Climate Sensitivity to CO2 … determines the degree of warming Planet Earth incurs as the atmospheric concentration of CO2 rises. People and especially governmental policy makers need to understand the consequences that will occur due to past and future emissions. The images of fires and smoke along the USA’s West Coast now repeat yearly, with new extremes often breaking old records for heat and fire. Studies are mounting and one headline reads: Earth Is Barreling Toward a ‘Hothouse’ State Not Seen in 50 Million Years The image depicts the situation and suggests abrupt changes in global climate can follow relatively small changes in atmospheric CO2 concentration. This suggestion is not one that is politically acceptable because of its dire consequences. The truth hinges on the topic of this post.
This is a technical post on the topic of Climate Sensitivity. A team of scientists believe they have narrowed the range of potential values from “the previously accepted range of 1.5 to 4.5ºC first established in 1979 (roughly 3 to 9ºF), to a narrower range of 2.6 to 3.9ºC.” NASA Blog: Making Sense of Climate Sensitivity In their discussion of climate sensitivity, the authors settled on a 150 years as the time frame for the faster consequences to be measurably complete. I note that they appear to have ignored the exponential amplification of effects that I posted about in discussing methane and other amplifications. Still, it is an excellent article for presenting the topic well in broad strokes.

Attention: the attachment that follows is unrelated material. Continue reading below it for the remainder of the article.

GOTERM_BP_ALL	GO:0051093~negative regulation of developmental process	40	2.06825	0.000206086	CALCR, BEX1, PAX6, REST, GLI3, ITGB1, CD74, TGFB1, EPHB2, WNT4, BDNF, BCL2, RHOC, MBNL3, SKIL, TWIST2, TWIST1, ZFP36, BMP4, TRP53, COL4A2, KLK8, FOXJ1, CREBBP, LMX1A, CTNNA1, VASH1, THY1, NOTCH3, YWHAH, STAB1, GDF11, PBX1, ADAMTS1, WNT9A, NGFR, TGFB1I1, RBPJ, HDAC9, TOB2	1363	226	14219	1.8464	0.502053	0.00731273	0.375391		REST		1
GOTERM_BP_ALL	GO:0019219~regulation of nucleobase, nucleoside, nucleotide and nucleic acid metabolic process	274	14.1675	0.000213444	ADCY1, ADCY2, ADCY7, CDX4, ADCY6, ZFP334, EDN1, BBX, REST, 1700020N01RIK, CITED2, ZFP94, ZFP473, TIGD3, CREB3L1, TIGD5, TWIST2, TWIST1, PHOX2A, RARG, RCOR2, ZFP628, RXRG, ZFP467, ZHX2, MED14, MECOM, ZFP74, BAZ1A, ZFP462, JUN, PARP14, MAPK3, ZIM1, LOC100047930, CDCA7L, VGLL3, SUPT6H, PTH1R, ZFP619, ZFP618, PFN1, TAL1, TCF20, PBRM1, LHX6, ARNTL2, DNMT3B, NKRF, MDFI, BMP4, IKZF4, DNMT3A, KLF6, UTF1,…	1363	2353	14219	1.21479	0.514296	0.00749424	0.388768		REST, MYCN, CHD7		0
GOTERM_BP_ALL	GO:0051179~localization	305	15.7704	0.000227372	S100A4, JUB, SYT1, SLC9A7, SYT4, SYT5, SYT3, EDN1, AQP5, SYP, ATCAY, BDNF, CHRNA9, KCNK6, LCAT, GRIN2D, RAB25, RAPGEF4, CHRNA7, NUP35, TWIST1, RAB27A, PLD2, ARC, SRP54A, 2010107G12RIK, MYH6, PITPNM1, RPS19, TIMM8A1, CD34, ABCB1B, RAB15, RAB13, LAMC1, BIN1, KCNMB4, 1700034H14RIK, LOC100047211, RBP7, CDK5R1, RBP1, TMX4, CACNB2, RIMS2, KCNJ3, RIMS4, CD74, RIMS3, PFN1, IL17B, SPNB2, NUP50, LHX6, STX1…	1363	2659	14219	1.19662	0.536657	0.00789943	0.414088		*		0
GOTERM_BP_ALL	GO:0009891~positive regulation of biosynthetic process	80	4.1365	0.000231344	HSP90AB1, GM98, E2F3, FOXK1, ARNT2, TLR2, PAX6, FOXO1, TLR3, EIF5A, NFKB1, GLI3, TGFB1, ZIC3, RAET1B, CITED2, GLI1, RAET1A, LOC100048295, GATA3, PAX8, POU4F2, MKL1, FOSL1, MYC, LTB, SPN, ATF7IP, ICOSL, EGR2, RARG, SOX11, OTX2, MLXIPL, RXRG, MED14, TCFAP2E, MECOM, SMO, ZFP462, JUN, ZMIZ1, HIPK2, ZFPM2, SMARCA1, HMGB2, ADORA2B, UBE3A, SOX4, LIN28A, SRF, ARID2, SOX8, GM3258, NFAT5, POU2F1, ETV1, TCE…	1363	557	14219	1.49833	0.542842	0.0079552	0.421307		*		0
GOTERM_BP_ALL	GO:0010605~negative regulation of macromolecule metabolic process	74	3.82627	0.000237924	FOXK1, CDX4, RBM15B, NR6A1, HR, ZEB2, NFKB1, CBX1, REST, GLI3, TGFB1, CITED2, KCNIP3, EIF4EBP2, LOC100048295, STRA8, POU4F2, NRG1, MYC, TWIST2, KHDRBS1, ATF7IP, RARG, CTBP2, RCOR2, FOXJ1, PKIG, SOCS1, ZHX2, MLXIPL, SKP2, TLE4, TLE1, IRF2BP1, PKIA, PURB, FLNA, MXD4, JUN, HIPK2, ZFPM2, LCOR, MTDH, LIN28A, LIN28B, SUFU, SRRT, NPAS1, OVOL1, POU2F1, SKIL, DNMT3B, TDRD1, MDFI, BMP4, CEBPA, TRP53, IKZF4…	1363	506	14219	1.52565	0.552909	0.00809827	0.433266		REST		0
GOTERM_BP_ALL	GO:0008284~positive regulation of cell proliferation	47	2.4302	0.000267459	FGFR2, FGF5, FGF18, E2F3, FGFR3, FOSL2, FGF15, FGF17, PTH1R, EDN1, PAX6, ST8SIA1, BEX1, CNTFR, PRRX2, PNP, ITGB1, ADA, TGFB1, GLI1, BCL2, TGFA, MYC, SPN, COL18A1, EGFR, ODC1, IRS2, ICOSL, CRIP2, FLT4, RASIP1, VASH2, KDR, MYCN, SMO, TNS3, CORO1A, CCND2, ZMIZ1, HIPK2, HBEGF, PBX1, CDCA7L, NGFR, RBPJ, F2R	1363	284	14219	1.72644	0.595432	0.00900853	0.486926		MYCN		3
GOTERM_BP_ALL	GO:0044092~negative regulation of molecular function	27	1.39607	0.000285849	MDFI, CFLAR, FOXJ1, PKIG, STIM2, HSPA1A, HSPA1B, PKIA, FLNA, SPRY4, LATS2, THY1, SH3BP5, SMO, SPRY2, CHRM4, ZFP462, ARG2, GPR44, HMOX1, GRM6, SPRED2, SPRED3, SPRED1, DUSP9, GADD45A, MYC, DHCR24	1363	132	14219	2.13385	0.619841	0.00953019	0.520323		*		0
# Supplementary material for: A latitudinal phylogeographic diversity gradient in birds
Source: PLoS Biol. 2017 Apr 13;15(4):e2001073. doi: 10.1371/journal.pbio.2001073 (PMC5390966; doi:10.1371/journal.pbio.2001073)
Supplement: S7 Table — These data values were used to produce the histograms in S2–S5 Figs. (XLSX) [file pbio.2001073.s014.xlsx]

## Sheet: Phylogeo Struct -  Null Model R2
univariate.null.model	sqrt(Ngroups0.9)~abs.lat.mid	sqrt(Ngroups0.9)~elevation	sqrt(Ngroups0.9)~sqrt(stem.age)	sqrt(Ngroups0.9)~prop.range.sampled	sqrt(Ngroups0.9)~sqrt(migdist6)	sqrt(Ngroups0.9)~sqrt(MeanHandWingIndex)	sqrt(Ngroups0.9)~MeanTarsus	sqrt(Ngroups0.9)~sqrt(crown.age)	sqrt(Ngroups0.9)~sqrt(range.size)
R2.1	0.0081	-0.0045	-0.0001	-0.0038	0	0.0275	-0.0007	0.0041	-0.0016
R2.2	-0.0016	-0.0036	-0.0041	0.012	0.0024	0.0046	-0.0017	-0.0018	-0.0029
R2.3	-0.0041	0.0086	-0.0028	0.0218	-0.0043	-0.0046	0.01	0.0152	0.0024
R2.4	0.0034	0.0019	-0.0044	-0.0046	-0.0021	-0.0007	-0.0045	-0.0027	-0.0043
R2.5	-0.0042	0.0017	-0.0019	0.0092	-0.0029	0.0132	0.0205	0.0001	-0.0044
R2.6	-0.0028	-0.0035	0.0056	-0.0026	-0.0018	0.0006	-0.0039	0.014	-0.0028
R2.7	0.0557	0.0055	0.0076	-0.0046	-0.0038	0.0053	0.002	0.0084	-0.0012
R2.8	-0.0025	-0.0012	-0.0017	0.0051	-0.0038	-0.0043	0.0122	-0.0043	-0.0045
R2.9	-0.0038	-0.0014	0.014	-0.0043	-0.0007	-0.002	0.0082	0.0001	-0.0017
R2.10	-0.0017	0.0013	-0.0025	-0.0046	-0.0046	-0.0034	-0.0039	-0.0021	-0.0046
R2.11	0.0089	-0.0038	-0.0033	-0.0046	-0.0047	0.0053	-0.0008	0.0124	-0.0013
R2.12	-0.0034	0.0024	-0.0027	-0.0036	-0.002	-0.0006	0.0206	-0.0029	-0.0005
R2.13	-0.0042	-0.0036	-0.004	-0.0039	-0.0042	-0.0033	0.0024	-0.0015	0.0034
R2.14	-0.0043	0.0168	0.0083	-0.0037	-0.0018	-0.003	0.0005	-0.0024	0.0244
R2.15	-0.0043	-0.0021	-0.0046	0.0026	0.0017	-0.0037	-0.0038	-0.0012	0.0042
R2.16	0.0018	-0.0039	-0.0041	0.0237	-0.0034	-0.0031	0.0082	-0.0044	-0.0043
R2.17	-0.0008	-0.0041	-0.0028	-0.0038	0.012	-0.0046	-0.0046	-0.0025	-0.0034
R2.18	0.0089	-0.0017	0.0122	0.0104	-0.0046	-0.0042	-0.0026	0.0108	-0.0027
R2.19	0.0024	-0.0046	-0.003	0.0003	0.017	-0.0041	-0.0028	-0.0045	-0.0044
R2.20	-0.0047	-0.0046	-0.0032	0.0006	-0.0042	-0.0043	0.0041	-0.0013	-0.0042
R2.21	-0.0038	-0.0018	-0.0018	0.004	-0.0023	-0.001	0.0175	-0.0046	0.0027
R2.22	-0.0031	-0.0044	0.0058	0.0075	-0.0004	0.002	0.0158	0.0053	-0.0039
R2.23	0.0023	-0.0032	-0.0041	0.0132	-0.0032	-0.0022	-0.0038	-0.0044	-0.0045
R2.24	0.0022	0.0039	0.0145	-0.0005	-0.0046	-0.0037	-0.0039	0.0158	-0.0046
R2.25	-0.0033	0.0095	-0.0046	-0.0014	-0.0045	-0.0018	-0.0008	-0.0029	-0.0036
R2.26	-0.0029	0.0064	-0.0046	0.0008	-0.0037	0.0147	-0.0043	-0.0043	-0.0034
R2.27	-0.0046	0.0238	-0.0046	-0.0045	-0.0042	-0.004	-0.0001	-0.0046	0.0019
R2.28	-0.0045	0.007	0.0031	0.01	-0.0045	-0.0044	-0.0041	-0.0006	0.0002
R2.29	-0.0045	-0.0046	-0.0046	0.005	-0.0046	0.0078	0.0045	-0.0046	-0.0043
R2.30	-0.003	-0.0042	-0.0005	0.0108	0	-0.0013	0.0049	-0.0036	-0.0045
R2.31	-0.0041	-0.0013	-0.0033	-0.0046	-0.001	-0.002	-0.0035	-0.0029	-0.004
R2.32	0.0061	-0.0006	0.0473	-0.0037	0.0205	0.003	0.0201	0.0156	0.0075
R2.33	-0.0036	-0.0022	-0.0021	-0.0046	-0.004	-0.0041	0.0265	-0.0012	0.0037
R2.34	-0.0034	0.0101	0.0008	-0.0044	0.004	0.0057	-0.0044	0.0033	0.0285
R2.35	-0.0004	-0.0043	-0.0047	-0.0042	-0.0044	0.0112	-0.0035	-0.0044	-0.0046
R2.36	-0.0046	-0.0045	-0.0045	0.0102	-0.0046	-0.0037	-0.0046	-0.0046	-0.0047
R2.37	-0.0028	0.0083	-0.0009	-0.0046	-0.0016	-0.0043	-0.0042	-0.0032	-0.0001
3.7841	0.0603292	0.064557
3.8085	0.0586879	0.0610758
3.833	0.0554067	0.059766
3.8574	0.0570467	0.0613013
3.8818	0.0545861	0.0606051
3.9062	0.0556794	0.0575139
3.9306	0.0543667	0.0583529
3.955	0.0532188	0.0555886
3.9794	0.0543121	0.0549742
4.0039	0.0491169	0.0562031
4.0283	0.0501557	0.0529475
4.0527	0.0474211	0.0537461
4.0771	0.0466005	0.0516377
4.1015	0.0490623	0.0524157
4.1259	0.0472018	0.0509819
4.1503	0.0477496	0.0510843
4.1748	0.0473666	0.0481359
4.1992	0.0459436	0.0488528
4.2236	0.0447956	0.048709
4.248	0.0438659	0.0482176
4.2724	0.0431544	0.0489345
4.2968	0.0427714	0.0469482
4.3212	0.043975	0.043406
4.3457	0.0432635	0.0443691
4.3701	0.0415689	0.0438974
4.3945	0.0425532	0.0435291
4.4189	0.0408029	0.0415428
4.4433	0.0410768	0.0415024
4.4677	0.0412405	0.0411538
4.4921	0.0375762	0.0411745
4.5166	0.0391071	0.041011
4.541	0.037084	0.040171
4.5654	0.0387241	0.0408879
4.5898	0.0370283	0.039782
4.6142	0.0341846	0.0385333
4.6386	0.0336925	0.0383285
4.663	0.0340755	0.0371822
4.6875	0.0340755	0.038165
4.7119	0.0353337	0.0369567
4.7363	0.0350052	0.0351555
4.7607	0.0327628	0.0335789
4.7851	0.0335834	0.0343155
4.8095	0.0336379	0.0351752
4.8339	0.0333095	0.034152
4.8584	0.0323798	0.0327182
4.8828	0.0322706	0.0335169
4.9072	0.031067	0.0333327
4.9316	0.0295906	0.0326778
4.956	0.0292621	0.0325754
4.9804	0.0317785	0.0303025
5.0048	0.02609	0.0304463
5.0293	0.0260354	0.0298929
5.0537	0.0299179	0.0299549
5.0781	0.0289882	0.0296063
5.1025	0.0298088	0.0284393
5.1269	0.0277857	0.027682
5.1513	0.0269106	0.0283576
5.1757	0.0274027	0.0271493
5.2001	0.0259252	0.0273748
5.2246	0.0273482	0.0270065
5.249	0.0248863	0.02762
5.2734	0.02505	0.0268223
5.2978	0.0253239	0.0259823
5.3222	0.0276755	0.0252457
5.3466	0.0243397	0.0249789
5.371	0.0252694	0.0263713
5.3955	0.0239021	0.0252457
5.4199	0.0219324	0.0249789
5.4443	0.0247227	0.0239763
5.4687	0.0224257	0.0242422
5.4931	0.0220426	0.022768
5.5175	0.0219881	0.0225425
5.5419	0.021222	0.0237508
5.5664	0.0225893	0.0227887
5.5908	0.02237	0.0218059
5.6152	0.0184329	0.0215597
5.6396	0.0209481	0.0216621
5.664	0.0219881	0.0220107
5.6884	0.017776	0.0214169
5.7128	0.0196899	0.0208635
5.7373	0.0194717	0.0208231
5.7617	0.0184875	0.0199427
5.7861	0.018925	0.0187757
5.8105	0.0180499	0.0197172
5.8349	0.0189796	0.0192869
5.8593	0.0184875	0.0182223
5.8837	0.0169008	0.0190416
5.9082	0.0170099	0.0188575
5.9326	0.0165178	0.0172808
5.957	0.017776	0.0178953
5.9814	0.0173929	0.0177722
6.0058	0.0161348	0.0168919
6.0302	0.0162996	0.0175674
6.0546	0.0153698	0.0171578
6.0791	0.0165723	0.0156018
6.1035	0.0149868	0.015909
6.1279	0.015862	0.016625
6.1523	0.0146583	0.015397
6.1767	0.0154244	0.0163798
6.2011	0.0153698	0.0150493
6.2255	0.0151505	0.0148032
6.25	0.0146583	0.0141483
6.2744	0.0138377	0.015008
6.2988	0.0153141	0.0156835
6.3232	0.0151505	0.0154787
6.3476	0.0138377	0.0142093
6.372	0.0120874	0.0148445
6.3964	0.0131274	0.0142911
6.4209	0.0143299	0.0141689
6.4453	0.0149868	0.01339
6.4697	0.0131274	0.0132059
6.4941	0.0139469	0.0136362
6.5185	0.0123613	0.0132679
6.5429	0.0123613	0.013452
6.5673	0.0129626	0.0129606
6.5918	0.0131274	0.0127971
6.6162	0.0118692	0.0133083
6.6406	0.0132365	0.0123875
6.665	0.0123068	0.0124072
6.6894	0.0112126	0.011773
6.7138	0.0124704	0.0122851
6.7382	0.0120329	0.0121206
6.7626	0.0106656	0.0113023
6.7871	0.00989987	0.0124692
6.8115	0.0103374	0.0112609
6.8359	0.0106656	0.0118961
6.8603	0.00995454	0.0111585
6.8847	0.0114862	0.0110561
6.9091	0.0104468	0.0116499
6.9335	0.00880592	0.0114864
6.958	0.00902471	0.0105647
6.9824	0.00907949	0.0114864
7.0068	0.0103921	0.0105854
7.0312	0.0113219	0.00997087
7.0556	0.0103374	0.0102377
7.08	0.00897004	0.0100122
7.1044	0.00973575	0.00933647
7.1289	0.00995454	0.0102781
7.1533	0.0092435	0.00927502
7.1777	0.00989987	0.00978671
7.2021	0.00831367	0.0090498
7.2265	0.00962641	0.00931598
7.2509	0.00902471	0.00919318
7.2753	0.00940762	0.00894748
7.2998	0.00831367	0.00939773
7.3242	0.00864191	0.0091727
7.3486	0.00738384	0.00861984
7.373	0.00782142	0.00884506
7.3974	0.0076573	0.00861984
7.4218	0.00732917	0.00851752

Humanity, and more imminently human society, is raising the level of greenhouse gases, primarily of CO2. The higher the climate sensitivity to CO2, the more temperatures will rise as CO2 increases. Look to the image at the right. We already saw in earlier IPCC reports what to expect from various increases in the global average temperature. After many subjective choices made in the setting of parameters considered this statement at the top of the NASA article (IMO) underscores the primary result that they politically needed to arrive at: “Essentially, by narrowing the range of estimates, the researchers found that climate sensitivity isn’t so low that it should be ignored, but it’s also not so high that there is no hope for the planet’s recovery.”